What transpired at this dentist’s is another tale for another day (My sole English-speaking nurse during the day asked me not to look at screens for the next couple of days. I don’t think typing 5 word pages was what she exactly had in mind for me.). By the end of it though, I did end up fleeing yet again after finding out that invasive electromagnetic rays were not done with me for the day yet as they scanned my jaw this time. Another hour (and several hard-earned Euros) down the drain and the dentist gave me the good news that no jaw bones/teeth were broken. For the pain he gave me the no-brainer choice of either getting a denture made for my teeth to help me eat or living on a liquid diet for 3 weeks. I was out of there in no time after that.

As I lay in my bed at home that night, I reflected on how eventful the presumably normal day had turned out to be. I thought of how it had left me knowing all these new people I had met, how I had improved my dumb-C skills (if not my German-speaking skills). How poor Lakshmi had had to bunk all those classes and bear all those hours of endless waiting for me. How Raj had to run around shopping for my renewed limitations on diet (as if my vegetarianism wasn’t problem enough!). Anyway though, I told myself, a day that ends up with a tub of ice-cream with your name on it, couldn’t have been all bad either!

PS: Almost forgot to eulogize the subject of the title! As me and Lakshmi tried to measure up the possible costs of all the expensive treatment I was undergoing- the X-Rays, the room in the Hospi, the Doc’s time and everything, and found our imaginations incapable of the task; we cautiously asked the Doc about it.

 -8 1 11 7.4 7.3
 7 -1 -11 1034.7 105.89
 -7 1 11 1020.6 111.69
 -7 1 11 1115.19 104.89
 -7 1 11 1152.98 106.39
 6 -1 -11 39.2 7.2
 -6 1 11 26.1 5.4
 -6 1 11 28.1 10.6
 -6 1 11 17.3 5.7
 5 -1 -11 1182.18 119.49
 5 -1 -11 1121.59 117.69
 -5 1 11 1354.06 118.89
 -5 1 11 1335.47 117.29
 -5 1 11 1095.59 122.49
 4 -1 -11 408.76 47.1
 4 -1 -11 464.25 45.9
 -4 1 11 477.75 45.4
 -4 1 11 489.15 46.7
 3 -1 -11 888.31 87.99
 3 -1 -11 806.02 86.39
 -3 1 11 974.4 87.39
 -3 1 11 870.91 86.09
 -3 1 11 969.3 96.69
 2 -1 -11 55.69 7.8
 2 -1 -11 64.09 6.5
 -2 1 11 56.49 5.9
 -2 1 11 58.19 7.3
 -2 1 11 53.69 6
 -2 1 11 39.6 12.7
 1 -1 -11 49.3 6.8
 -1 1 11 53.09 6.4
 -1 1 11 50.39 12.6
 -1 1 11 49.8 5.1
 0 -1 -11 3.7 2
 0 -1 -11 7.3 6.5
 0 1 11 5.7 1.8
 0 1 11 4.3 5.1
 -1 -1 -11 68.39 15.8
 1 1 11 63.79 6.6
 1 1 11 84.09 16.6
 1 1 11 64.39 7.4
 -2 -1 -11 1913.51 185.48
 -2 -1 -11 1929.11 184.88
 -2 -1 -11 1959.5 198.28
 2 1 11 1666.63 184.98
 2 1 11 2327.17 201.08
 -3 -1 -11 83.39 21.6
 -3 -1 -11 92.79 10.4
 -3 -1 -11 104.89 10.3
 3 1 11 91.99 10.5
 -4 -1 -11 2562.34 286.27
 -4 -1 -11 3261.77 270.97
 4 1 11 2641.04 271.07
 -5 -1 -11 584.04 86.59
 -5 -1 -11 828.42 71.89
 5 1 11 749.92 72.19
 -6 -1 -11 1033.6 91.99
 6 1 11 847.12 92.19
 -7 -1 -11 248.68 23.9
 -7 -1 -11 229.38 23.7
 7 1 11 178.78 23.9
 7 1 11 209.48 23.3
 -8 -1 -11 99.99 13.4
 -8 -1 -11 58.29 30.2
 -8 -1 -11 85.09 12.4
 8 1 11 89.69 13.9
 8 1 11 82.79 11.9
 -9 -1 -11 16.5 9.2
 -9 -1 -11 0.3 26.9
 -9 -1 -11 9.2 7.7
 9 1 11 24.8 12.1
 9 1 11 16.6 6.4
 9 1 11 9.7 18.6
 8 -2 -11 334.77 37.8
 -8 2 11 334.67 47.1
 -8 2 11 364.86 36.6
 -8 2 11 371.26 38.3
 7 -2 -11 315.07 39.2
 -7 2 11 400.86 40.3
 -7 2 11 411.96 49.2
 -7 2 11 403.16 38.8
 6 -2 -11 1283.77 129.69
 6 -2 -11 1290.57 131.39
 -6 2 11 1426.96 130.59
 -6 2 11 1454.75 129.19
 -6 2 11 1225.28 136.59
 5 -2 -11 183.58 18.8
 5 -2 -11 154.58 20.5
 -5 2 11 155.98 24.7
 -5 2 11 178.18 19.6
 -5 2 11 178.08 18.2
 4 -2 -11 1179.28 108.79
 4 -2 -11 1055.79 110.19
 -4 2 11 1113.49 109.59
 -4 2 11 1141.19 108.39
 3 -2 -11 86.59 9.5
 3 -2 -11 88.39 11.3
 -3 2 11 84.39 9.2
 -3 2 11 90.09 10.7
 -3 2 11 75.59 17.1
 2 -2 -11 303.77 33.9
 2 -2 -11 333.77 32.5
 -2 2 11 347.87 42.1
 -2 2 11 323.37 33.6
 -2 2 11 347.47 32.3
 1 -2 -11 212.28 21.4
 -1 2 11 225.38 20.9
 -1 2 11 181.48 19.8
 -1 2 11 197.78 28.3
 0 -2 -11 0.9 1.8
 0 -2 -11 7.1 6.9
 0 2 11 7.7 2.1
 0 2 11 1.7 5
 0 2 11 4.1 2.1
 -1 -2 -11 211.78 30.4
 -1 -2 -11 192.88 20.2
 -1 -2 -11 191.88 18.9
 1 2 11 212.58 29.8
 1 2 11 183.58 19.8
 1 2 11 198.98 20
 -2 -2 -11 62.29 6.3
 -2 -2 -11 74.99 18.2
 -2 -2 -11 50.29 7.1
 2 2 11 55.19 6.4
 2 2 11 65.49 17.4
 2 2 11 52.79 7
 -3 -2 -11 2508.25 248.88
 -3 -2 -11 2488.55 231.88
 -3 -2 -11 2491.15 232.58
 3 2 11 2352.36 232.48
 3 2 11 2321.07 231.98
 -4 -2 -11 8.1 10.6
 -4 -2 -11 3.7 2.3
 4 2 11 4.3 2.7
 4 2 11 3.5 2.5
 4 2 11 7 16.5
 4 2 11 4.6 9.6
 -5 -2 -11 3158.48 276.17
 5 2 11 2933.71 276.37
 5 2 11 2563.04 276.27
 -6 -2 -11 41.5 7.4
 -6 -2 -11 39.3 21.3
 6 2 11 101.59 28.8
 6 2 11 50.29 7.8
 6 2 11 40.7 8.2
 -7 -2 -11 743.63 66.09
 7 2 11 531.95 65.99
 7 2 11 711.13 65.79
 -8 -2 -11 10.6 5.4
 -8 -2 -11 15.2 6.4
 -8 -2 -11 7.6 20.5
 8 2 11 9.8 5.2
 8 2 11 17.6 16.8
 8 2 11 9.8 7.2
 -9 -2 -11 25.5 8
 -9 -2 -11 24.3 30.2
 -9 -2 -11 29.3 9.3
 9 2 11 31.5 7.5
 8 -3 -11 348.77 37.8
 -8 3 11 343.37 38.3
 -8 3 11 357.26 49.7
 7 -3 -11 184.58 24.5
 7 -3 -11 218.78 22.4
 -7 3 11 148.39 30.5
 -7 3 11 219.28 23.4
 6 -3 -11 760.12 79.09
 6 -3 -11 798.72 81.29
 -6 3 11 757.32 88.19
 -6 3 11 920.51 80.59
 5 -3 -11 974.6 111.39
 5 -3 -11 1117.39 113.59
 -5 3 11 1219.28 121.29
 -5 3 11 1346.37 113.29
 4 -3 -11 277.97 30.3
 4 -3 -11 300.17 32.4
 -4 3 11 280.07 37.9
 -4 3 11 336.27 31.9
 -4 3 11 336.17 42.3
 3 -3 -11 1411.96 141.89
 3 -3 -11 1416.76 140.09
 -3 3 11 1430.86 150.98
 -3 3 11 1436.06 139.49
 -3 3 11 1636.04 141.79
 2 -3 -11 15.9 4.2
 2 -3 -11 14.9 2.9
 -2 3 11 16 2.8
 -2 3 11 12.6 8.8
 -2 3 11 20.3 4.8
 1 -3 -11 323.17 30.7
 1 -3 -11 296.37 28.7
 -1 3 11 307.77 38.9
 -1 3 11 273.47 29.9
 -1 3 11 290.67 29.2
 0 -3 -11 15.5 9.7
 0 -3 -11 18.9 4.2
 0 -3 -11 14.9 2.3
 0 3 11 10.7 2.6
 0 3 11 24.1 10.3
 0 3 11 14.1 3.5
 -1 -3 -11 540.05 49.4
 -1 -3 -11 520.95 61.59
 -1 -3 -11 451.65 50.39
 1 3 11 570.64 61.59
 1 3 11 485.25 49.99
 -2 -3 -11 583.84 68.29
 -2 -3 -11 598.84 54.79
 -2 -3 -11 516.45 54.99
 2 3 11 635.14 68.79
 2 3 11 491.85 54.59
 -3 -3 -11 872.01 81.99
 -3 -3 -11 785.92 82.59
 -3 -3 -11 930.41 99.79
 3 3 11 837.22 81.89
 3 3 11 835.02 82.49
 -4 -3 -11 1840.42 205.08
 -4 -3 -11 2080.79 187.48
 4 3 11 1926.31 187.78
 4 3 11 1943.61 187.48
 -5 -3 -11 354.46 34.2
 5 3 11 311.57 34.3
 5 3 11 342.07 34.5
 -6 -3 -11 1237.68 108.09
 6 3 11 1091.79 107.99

“You were going to school?”

“Yes. I mean, ja.”

“Was there rain on the road?”

“Nein.”

“Was there any other car?”

“Nein. It was entirely my fault.” (All that remains now is for me to get down on my wounded knee and beg forgiveness.)

“Seence you fell on your way to school and not when you were going for your privaat work, and there was no one else involved in the accident, German laws say that the school’s insurance will pay. We weel send them the bill.”

Bless those Germans!! Bless their laws. And their Strawberry ice-creams.

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5 thoughts on “Love thy Insurer.

  1. Hey c’mon.. Cut me some slack re! First of all, Germany has right-hand driving, which confuses our Indian instincts no end. Secondly, the roads are too clean on Indian standards, leading to a much lower coefficient of friction! ;)Thirdly and most importantly, I’m a horrible horrible driver!! 😀

  2. sehr schone post!!;-DI can so identify with this..living with germans around I somehow like their way…every damn thing is documented….